In a public letter in February, 2017, Mark Zuckerberg, founder and CEO of Facebook, linked his company’s product, the online social network, to the societal and indeed global level in claiming that “progress now requires humanity coming together not just as cities or nations, but also as a global community.” The New York Times took this to mean that the CEO “stepped into the raging debate about globalization.” Taking sides in a political or cultural debate can both advance and harm a business, hence the matter of the stepping into is worthy of analysis in its own right.
Generally speaking, it is not prudent business for a CEO to plant the company in which he or she works on one side or the other of a controversial matter, as existing and potential customers on the other side can be expected to move to a competitor—even if that competitor has not taken a side in the debate. That the New York Times construes Zuckerberg as taking a position at odds with U.S. President Trump’s nationalism may be an indication that Trump supporters may also interpret Zuckerberg’s move thusly and so gain a negative view of Zuckerberg’s company. This attribution of association may be tenuous, however, as it is possible to be in favor of humanity coming together in terms of human rights, for instance, and minimizing state aggression, and yet still be for penalizing American companies that have taken plants abroad to take advantage of lower wages and less regulation. Even so, perception can become reality, so Trump supporters could view Facebook negatively anyway and the damage would be done.
Zuckerberg might advisably have listed some examples of social goods that could be furthered by humanity coming together—omitting mention of Trump policies. Efforts to assure readers that Trump’s policies are not in the crosshairs would have been a good investment. To be sure, “Zuckerberg said his reasons for writing the . . . letter began to take shape before [the 2016] presidential election, spurred by broader trends. He said he [had] recognized that more people were feeling left behind by globalization, and by societal and technological changes.” His vision was for “a global community that works for everyone.” This includes a viable “social infrastructure” that would include stronger online communities. Given Facebook’s interest in helping people from being left behind technologically, the social infrastructure should be a salient part of the global community that works for everyone.” In other words, helping people to join the technological age (and thus be able to participate on Facebook!) does not necessarily translate into opposition to a tax on American companies with factories abroad or enforcing immigration law. Zuckerberg could have made this point more explicit; his “Facebook-friendly” interpretation of “global community” would actually have been strengthened in the process.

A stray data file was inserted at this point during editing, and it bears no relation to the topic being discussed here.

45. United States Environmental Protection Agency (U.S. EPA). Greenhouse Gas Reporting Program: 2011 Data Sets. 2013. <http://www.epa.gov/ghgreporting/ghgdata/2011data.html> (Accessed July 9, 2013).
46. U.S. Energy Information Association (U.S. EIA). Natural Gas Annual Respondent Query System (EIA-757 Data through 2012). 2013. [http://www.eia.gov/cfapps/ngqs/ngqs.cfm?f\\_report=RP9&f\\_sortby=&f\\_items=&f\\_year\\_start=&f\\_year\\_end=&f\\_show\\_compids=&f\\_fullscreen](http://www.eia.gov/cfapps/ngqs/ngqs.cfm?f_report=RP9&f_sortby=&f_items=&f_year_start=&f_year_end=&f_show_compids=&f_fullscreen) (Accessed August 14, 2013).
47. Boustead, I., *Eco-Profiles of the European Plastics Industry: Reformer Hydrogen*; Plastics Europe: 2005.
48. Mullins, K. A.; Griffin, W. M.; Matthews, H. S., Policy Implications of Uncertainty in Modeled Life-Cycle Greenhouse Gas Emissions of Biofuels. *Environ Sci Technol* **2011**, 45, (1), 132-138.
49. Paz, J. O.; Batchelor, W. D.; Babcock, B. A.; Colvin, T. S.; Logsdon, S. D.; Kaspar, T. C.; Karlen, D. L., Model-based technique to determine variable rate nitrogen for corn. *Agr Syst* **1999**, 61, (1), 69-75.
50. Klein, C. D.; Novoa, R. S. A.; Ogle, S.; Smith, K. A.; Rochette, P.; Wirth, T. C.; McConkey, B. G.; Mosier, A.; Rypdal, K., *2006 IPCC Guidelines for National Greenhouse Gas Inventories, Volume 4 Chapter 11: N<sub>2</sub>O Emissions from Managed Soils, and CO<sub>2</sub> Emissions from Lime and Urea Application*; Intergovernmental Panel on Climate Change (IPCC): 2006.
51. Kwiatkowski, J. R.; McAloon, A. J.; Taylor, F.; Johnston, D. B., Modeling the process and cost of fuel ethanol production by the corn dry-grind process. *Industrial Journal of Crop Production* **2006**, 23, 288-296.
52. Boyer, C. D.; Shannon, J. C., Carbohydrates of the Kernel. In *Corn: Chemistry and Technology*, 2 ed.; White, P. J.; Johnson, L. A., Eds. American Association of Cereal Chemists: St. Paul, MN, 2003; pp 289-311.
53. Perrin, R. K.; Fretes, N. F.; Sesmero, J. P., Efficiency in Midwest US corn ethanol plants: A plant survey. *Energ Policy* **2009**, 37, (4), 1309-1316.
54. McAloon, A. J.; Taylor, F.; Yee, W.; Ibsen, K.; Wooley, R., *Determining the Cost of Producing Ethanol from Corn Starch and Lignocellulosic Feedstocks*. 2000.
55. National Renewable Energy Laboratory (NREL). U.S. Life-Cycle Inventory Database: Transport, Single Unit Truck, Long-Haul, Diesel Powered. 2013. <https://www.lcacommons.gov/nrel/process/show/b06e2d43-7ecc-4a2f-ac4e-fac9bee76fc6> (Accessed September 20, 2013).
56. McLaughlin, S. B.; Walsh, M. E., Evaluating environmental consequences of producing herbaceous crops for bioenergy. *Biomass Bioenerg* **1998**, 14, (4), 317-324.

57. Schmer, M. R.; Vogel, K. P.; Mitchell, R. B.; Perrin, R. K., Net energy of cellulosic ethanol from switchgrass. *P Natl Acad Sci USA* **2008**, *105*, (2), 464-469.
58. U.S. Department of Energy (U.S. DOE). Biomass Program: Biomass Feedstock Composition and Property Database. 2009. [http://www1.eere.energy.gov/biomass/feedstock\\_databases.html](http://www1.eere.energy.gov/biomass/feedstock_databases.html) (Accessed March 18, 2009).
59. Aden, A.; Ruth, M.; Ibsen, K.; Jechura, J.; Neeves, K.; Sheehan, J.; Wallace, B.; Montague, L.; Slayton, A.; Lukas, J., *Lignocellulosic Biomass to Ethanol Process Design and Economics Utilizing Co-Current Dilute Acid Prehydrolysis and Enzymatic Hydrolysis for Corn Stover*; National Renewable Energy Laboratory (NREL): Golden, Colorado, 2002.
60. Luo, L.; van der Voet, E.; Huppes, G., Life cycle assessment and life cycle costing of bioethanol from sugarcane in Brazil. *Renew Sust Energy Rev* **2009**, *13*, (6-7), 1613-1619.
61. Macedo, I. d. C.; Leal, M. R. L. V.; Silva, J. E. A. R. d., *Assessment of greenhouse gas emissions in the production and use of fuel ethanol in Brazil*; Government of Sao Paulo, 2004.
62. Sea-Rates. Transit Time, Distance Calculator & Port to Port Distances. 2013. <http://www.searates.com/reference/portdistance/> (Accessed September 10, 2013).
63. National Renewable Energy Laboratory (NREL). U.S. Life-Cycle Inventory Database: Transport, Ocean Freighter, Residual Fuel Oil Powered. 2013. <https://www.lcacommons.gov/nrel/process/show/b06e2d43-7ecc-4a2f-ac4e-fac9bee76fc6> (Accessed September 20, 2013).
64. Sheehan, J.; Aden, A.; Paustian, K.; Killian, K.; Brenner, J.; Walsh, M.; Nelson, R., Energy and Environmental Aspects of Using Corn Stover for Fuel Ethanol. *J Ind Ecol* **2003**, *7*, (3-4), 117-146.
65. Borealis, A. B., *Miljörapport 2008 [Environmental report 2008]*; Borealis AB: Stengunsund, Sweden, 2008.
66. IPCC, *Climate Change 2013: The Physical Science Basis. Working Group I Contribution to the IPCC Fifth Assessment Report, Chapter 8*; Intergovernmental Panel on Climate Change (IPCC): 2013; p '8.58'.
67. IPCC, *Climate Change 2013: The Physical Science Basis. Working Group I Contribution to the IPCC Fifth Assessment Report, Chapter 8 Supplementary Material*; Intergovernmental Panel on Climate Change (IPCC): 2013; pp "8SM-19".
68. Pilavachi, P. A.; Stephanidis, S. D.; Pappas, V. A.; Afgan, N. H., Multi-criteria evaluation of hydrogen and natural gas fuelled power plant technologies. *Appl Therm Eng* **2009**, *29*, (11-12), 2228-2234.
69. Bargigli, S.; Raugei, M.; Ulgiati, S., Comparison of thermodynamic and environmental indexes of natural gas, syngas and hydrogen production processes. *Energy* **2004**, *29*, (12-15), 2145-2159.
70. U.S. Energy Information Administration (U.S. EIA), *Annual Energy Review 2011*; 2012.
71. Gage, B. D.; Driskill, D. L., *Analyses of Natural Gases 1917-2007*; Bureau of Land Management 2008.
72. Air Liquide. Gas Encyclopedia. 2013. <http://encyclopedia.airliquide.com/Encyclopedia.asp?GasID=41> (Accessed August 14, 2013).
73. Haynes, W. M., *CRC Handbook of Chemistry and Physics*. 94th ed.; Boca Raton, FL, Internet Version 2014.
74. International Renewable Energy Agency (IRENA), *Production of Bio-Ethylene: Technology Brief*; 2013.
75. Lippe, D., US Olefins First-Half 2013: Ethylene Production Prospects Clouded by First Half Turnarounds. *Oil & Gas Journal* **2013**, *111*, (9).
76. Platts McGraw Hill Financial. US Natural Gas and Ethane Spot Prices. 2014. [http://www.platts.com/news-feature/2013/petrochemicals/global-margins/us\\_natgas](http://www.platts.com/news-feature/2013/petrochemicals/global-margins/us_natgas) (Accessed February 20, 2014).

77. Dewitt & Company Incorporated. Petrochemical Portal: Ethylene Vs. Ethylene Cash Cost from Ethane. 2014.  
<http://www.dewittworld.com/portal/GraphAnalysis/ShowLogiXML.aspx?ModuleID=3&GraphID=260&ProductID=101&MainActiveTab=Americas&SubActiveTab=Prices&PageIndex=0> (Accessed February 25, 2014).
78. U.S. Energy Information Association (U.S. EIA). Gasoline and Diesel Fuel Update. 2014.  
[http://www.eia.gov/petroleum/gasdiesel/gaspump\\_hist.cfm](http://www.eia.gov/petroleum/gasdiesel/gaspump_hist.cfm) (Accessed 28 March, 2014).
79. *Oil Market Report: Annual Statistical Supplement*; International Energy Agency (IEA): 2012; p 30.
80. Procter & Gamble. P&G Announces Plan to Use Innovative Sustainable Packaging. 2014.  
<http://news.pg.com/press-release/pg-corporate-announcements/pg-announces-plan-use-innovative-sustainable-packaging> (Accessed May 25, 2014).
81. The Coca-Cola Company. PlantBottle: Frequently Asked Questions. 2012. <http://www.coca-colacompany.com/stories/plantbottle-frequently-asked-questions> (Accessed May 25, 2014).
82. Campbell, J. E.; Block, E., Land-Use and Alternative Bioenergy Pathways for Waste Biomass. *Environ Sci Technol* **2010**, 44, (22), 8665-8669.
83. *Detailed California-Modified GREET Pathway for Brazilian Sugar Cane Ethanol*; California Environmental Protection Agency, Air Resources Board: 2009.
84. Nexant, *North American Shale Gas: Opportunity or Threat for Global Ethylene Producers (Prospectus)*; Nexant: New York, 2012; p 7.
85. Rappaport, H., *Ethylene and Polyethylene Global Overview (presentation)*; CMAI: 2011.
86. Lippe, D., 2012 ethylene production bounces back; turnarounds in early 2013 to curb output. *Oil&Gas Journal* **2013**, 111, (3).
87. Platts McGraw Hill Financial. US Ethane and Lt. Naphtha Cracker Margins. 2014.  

We can conclude from this case that wading into a controversial issue involves pitfalls for a business, yet they can be obviated by steering clear of politics such that efforts to link business strategy to a societal and even global vision can pay off for a company without a lot of risk.
 Mike Isaac, “Facebook’s Zuckerberg, Bucking Tide, Takes Public Stand Against Isolationism,” The New York Times, February 16, 2017.